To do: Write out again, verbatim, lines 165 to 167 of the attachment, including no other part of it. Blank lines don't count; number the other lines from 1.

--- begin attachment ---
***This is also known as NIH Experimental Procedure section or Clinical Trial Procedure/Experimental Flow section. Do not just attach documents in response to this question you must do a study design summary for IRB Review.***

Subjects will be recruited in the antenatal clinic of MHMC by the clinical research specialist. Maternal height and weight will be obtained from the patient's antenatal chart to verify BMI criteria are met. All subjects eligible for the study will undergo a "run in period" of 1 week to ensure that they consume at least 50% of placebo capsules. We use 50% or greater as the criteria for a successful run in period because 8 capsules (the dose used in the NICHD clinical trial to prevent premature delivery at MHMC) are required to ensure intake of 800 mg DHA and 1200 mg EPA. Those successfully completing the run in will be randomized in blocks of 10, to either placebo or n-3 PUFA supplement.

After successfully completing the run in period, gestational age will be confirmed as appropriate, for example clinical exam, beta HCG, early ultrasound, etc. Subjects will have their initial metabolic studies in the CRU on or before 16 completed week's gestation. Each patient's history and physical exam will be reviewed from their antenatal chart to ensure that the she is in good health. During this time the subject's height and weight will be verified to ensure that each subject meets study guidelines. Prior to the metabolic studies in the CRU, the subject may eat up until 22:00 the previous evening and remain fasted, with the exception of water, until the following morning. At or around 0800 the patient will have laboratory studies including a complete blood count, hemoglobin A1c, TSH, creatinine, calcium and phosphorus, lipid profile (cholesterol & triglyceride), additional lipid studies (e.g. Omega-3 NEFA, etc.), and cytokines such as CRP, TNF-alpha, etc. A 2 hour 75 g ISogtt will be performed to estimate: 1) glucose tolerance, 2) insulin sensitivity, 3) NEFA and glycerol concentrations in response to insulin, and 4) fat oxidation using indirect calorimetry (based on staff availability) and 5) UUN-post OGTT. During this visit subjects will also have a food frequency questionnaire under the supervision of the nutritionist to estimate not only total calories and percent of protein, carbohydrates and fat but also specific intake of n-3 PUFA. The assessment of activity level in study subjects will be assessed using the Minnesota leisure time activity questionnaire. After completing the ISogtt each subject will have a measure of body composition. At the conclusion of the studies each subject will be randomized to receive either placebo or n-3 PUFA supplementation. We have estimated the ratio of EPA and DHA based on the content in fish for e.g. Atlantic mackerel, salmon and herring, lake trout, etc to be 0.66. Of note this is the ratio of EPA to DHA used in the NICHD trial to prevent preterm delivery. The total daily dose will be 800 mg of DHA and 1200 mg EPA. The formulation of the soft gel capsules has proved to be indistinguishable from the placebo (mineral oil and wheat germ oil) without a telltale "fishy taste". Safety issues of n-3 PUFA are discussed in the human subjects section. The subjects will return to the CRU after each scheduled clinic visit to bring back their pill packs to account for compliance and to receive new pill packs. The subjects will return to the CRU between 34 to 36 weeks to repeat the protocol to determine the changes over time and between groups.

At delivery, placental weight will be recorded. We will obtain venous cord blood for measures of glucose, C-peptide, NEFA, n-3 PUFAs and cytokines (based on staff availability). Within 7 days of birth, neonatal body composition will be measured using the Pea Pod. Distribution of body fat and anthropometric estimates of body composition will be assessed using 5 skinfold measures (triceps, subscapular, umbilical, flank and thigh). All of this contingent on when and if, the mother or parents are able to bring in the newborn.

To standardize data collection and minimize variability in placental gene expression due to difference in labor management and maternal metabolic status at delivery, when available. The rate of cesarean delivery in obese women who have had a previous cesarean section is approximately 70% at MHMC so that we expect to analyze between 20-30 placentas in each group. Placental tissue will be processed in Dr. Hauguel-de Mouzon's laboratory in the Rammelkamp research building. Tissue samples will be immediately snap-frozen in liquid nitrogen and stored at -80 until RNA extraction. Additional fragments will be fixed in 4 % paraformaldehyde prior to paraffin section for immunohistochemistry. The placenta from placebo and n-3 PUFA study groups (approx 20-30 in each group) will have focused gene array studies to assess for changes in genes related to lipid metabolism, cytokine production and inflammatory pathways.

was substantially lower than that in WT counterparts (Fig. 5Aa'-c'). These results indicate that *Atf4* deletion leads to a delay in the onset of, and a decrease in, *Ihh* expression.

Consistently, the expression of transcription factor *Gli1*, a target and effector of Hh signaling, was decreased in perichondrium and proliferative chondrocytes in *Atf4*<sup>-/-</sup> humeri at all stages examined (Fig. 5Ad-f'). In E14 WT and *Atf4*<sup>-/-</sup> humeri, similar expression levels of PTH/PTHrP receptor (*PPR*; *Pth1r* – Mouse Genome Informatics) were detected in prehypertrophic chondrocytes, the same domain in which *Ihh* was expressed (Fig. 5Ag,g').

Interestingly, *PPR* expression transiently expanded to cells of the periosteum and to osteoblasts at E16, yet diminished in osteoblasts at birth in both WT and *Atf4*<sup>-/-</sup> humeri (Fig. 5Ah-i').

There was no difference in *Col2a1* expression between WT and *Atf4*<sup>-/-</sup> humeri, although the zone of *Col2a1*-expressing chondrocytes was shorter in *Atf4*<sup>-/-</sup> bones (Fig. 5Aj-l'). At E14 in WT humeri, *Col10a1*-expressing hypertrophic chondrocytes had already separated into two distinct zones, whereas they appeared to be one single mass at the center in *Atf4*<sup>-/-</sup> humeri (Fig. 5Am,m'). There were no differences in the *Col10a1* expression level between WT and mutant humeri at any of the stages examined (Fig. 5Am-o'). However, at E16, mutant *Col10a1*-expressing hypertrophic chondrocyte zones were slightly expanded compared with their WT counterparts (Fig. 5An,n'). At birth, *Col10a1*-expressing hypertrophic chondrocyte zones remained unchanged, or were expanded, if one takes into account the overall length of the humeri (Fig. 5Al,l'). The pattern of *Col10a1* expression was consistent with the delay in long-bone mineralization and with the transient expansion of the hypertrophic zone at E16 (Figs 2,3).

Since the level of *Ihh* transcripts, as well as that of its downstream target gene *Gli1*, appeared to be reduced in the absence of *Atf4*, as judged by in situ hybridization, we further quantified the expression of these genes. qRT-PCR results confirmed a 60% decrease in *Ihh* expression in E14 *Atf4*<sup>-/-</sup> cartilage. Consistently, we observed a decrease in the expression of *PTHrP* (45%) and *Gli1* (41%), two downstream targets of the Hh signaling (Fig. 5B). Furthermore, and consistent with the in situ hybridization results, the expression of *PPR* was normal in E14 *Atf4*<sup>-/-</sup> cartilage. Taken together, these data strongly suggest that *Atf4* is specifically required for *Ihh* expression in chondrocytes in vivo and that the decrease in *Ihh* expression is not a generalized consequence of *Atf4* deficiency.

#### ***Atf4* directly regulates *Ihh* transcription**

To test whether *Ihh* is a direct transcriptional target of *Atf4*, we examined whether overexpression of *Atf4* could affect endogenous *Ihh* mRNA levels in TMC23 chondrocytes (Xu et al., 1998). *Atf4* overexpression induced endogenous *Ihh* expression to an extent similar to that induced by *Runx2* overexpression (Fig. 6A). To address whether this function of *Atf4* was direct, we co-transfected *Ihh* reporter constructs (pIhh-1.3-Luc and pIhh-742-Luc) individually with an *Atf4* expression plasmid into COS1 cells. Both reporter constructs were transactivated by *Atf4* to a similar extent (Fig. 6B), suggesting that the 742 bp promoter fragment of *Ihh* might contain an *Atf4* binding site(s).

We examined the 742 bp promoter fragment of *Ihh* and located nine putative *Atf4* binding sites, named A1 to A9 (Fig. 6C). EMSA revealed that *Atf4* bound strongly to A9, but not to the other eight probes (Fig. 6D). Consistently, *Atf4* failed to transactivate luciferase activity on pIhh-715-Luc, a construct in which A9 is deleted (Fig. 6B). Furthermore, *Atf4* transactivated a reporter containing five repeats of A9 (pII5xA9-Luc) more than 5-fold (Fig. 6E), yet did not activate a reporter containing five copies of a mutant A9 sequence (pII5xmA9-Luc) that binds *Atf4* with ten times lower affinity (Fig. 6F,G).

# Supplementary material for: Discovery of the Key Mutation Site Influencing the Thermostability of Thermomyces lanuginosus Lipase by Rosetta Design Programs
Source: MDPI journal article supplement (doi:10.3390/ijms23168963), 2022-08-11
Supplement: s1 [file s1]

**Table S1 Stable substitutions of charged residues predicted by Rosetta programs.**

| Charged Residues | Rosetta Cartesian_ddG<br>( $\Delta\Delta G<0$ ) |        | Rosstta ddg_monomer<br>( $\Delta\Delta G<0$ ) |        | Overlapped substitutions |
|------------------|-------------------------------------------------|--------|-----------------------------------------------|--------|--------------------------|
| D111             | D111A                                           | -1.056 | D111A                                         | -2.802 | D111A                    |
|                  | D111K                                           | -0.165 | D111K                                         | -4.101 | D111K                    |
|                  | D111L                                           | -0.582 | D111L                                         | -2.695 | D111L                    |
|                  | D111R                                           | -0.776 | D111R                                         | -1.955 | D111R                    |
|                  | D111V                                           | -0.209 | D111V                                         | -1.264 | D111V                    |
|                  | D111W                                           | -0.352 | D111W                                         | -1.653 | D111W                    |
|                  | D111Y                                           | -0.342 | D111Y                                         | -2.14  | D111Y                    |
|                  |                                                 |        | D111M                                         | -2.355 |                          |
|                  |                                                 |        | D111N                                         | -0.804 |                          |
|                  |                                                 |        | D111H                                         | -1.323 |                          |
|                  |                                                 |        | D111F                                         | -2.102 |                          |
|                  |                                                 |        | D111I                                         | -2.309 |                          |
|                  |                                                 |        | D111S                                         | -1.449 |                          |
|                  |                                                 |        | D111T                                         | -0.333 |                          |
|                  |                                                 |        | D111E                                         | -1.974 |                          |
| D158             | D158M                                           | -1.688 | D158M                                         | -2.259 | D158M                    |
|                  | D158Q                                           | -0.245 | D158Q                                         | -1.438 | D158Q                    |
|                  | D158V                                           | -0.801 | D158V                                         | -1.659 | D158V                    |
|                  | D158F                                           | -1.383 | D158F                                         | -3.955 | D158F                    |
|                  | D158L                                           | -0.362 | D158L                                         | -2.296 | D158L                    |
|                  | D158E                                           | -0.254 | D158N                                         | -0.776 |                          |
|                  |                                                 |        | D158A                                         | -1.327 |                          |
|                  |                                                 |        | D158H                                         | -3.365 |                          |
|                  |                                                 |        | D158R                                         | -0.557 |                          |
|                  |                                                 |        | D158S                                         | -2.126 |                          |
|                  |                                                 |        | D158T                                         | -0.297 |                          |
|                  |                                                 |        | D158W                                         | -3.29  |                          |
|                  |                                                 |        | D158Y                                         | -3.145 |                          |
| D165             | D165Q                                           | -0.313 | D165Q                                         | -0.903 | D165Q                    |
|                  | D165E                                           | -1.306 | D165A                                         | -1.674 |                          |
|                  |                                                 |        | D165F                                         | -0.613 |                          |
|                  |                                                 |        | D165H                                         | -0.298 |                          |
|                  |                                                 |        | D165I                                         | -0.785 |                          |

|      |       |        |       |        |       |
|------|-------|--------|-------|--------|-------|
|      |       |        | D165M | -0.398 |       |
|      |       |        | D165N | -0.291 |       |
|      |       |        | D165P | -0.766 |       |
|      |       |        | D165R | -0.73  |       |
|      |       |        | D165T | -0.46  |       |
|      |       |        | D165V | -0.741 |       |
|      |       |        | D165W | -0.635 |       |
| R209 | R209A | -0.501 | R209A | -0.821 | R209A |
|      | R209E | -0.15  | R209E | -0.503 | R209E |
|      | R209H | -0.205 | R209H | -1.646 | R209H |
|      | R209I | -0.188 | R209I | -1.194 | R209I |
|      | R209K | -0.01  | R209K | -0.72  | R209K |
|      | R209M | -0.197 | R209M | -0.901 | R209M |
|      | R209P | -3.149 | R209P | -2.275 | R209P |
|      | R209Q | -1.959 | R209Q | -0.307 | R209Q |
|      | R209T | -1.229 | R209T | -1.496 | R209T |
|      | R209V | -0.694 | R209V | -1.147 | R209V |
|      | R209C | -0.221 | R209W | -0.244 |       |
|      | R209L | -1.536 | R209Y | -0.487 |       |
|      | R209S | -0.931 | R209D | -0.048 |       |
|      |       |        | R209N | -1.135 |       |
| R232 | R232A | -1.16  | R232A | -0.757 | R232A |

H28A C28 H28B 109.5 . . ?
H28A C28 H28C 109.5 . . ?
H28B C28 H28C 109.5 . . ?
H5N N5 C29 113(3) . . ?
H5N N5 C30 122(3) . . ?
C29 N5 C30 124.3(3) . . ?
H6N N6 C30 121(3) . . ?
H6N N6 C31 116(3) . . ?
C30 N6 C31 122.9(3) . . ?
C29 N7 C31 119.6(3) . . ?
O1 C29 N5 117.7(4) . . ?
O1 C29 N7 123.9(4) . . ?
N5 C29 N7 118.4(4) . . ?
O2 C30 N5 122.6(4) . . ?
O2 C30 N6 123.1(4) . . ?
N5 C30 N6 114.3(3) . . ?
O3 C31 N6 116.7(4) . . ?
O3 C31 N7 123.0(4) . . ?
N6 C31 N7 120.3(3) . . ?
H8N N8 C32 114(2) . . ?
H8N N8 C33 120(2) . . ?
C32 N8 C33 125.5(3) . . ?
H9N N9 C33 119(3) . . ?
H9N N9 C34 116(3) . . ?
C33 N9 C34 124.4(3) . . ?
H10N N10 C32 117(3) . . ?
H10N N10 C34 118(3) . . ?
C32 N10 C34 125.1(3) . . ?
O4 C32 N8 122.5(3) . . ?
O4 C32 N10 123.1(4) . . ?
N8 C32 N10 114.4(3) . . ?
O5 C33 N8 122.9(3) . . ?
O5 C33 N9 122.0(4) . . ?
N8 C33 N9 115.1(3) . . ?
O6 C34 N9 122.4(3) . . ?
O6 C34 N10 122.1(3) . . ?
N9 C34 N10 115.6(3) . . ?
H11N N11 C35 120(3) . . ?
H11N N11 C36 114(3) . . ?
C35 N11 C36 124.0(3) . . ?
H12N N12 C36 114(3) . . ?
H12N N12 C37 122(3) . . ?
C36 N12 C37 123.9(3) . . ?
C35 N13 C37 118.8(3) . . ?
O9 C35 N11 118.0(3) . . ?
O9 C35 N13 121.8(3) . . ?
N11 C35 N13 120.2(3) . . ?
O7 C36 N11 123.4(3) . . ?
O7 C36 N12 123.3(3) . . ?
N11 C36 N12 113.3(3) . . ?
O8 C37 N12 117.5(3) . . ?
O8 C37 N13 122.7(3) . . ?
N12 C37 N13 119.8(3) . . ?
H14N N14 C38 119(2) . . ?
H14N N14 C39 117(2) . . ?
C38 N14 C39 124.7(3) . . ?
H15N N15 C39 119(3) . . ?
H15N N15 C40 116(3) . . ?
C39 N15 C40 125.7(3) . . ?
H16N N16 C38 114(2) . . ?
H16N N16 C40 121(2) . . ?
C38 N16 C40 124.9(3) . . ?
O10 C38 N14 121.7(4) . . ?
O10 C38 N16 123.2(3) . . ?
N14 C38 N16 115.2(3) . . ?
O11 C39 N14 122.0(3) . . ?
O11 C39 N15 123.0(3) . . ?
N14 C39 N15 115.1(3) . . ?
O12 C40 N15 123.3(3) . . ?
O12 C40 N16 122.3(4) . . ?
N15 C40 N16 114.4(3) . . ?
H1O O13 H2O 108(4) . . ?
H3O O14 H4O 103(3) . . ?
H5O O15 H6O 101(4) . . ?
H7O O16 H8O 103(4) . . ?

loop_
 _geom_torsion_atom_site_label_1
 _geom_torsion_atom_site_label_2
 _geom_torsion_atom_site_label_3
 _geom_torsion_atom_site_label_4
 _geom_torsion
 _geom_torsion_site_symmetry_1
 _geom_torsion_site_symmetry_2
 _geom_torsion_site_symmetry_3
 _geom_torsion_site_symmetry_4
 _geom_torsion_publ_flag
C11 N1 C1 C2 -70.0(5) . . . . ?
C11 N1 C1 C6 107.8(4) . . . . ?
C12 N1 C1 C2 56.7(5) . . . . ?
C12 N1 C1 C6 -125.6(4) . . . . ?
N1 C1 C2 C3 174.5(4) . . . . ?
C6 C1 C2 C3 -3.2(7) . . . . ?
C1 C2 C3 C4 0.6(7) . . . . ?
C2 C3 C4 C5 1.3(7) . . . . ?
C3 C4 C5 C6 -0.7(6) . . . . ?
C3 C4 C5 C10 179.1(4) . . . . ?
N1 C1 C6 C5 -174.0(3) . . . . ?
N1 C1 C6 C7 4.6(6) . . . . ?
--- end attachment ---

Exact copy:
C12 N1 C1 C2 56.7(5) . . . . ?
C12 N1 C1 C6 -125.6(4) . . . . ?
N1 C1 C2 C3 174.5(4) . . . . ?